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Garmin-Asus Nuvifone M10 and A50 hands-on

Chris Ziegler
02.14.10
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So, we had a few precious moments to play around with Garmin-Asus' latest Nuvifones here in lovely Barcelona today -- the M10 and A50, running on Windows Mobile 6.5.3 and Android 1.6, respectively -- and even better, we did so in the back of a black Mercedes expressly purposed for testing out the integrated turn-by-turn capabilities. Follow the break for our quick impressions!

Gallery: Garmin-Asus Nuvifone M10 hands-on | 19 Photos


Gallery: Garmin-Asus Nuvifone A50 hands-on | 16 Photos



The A50 feels and looks great from the front, but less so from the rear -- it's just no-frills black plastic, but on the upside, it's probably not going to slide out of your hand too easily. The car dock connector is on the side of the phone, which makes it possible to use a Nuvi-style dock with a mega-simple latching mechanism, but one connector that's sadly missing is the 3.5mm headphone jack -- it's a tragic oversight for any multimedia-capable device these days, particularly a smartphone. Then again, media isn't where this particular Android set seeks to stand out; it's all in the software, rather, and Garmin's done a ton of customization to turn the Donut base into a beast all its own (and don't worry, they say the phone can be and will be upgraded, they're just not putting a timeline out there yet). Unlike Sense and Blur, the Nuvifone-style home screen is totally unrecognizable by Android standards -- it's got giant Call, Where To, and View Map buttons on the left accompanied by a customizable strip of icons on the left (which work in lieu of the usual ability to drop icons anywhere you like on the home screen). The turn-by-turn navigation looks as good as anything you'll find on the market, loading reasonably fast (though there's no such thing as "too fast" when it comes to this kind of stuff). Plus, the fact that the basemaps are on ROM is a huge win and a differentiator for Garmin -- we think they'll need to really emphasize that point to see some market penetration.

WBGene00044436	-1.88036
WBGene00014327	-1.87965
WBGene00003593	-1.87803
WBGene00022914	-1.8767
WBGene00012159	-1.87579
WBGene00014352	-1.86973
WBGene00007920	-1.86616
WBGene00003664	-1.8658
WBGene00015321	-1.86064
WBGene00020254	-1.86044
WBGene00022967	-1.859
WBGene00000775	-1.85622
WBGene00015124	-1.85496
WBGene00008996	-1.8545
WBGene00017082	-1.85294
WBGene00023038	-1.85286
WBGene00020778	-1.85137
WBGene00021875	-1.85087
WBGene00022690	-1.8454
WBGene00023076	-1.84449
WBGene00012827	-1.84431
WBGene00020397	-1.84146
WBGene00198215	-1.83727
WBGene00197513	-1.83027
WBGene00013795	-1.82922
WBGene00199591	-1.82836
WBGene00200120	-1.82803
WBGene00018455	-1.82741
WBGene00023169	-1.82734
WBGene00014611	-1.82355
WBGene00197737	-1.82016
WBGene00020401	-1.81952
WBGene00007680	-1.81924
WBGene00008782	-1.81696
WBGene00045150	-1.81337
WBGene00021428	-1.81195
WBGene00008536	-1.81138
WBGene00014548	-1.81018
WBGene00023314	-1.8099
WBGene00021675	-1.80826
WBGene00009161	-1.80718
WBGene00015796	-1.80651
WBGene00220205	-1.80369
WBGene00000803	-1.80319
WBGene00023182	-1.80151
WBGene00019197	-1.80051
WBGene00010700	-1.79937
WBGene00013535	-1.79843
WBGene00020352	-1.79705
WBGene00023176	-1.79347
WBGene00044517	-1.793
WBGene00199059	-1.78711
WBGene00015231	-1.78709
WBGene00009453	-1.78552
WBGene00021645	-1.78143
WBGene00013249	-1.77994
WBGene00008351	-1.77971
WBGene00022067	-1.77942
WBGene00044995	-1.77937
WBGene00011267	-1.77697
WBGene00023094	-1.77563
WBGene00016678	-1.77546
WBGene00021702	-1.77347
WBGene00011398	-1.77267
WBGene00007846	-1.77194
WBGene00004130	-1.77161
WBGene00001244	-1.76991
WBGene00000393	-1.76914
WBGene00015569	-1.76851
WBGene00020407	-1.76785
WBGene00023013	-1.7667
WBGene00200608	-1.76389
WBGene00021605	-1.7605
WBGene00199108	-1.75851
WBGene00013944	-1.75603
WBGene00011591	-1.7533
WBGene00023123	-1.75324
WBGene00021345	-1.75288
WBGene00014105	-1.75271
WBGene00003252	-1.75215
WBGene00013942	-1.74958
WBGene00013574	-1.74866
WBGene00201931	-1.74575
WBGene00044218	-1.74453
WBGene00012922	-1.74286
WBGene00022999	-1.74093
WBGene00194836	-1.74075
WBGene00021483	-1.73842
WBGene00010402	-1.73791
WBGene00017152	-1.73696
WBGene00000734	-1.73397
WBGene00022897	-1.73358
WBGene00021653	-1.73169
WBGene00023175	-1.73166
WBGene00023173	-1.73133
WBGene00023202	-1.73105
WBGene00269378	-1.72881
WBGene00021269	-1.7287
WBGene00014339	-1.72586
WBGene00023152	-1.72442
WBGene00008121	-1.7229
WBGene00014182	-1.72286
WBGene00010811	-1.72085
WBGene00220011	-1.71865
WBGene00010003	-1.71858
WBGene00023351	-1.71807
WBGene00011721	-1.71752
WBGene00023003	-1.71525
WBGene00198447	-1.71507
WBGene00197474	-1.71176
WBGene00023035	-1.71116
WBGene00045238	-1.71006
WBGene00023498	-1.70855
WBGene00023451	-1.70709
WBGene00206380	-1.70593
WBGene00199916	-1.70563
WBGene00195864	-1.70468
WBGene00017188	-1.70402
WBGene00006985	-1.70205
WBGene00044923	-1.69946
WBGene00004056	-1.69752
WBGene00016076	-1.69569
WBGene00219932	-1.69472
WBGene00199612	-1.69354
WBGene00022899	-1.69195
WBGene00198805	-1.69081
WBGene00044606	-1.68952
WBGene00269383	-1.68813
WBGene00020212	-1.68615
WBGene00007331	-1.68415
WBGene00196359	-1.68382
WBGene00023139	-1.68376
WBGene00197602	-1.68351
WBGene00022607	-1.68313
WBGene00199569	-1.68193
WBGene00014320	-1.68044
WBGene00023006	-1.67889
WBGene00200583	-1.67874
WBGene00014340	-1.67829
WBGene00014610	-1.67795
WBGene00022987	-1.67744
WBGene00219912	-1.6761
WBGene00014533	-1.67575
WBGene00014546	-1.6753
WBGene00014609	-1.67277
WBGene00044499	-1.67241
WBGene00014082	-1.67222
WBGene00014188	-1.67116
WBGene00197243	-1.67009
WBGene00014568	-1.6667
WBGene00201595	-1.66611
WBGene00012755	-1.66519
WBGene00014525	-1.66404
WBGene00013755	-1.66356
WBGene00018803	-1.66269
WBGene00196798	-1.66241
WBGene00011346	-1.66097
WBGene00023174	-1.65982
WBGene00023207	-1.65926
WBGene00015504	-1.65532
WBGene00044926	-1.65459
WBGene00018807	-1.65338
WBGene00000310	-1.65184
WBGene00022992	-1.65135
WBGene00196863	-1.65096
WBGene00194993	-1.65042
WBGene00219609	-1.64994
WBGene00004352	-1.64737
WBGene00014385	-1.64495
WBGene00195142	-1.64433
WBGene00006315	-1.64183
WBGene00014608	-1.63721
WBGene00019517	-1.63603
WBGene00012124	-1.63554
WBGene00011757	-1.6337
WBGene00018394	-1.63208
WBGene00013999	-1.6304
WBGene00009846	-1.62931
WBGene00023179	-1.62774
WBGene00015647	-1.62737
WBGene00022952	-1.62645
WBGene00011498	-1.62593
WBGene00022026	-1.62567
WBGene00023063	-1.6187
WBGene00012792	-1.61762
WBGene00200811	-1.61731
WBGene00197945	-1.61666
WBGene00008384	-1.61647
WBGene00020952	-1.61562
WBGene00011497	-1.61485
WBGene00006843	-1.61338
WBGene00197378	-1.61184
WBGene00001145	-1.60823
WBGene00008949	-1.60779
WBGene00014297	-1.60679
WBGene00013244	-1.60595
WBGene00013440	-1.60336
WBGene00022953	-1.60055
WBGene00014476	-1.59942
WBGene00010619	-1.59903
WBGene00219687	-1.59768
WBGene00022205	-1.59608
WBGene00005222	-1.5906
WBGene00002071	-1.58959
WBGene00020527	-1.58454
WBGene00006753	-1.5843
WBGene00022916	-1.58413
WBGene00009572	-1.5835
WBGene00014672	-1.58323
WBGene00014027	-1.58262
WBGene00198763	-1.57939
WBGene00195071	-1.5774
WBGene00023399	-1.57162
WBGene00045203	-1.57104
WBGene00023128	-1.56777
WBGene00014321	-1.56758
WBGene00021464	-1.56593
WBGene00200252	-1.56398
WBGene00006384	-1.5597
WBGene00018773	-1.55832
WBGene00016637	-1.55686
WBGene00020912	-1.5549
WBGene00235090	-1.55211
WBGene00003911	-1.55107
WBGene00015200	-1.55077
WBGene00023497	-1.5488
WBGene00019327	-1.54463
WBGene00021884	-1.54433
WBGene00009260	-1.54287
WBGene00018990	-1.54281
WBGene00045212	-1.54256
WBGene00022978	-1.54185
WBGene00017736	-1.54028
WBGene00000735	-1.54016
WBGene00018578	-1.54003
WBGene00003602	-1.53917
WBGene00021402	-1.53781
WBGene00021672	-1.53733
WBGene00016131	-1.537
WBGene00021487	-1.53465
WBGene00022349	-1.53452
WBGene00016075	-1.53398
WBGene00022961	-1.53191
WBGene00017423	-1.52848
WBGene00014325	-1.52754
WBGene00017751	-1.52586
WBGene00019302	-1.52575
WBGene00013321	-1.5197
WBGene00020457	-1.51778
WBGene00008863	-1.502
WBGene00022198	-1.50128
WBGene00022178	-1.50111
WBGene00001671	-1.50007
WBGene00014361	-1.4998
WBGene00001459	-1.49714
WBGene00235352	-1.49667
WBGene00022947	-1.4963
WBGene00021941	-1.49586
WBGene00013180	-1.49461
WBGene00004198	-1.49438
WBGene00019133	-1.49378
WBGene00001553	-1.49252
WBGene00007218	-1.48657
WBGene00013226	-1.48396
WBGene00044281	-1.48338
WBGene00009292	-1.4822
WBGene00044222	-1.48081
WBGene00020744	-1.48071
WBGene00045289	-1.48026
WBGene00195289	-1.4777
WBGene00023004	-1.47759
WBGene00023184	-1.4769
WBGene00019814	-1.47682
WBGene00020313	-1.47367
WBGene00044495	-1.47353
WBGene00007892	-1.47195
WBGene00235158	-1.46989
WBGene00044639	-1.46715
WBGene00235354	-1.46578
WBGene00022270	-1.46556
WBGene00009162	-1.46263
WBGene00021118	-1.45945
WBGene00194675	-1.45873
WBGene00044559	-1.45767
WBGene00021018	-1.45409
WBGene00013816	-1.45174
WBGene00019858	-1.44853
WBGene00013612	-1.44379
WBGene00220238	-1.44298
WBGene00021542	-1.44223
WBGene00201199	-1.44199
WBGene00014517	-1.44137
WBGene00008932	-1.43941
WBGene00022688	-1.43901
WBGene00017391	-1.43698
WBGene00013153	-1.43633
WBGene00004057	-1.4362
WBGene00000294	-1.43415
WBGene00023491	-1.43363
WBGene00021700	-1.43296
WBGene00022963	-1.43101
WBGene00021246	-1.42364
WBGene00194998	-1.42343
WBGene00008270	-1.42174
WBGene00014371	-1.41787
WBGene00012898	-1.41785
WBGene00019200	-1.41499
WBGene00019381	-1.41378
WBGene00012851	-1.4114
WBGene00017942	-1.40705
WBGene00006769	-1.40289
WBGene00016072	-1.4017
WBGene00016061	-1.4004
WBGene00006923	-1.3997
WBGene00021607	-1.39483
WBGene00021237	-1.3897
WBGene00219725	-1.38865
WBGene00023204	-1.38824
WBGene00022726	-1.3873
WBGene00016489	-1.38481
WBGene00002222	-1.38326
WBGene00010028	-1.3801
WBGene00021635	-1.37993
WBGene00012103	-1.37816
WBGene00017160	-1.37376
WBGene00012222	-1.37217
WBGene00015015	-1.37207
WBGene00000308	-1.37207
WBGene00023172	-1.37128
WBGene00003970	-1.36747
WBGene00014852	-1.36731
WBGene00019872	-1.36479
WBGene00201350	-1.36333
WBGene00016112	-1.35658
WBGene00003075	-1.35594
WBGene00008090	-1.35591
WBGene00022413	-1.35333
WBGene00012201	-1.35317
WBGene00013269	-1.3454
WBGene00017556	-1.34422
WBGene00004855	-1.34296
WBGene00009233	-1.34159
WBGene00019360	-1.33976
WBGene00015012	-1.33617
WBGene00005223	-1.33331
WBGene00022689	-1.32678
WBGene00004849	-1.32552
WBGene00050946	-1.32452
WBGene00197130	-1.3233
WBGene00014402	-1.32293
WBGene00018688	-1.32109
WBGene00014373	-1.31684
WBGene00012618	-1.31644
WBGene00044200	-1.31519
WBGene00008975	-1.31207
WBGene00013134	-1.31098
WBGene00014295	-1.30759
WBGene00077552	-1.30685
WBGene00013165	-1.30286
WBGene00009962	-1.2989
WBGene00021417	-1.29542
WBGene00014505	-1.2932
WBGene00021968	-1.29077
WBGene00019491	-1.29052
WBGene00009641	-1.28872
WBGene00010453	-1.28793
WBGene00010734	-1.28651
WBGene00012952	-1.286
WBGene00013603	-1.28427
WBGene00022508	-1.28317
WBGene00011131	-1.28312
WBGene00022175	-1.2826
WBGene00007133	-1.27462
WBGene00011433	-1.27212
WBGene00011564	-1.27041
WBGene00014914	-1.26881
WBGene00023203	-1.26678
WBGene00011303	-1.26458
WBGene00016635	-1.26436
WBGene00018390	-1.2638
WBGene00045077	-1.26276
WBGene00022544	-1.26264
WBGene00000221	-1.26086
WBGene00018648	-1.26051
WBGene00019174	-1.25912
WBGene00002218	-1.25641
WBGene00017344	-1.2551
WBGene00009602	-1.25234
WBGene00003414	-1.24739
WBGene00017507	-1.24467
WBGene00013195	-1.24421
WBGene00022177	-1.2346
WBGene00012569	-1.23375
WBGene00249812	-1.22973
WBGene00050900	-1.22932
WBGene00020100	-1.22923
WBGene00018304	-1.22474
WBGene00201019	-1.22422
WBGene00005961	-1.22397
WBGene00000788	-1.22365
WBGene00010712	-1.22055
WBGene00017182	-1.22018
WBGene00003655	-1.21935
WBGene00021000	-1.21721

The M10, meanwhile, is reasonably sexy, but we prefer the A50's simple good looks by the thinnest of margins. It's obviously being billed as a slightly higher-end device than the A50 on account of the 5 megapixel cam (up from the A50's 3) and the inclusion of a 3.5mm jack, but what really struck us was Windows Mobile 6.5.3 -- obviously WinMo's still got a ton of issues in its present-day form, but 6.5.3 takes the paradigm just about as close as it can be to finger-friendliness as possible. If you're still a stylus kind of person, though, don't worry -- you've got one discreetly tucked around back.

Perhaps what impressed us the most about these two devices is how similar their turn-by-turn experiences are -- Garmin's basically made it so that you can take the platform of your choice and sprinkle in navigation capability equivalent to a high-end Nuvi. Broad carrier adoption might still be the biggest single barrier to making Garmin-Asus a competitive joint venture, but with these two phones -- the A50 in particular -- they're taking baby steps in the right direction.

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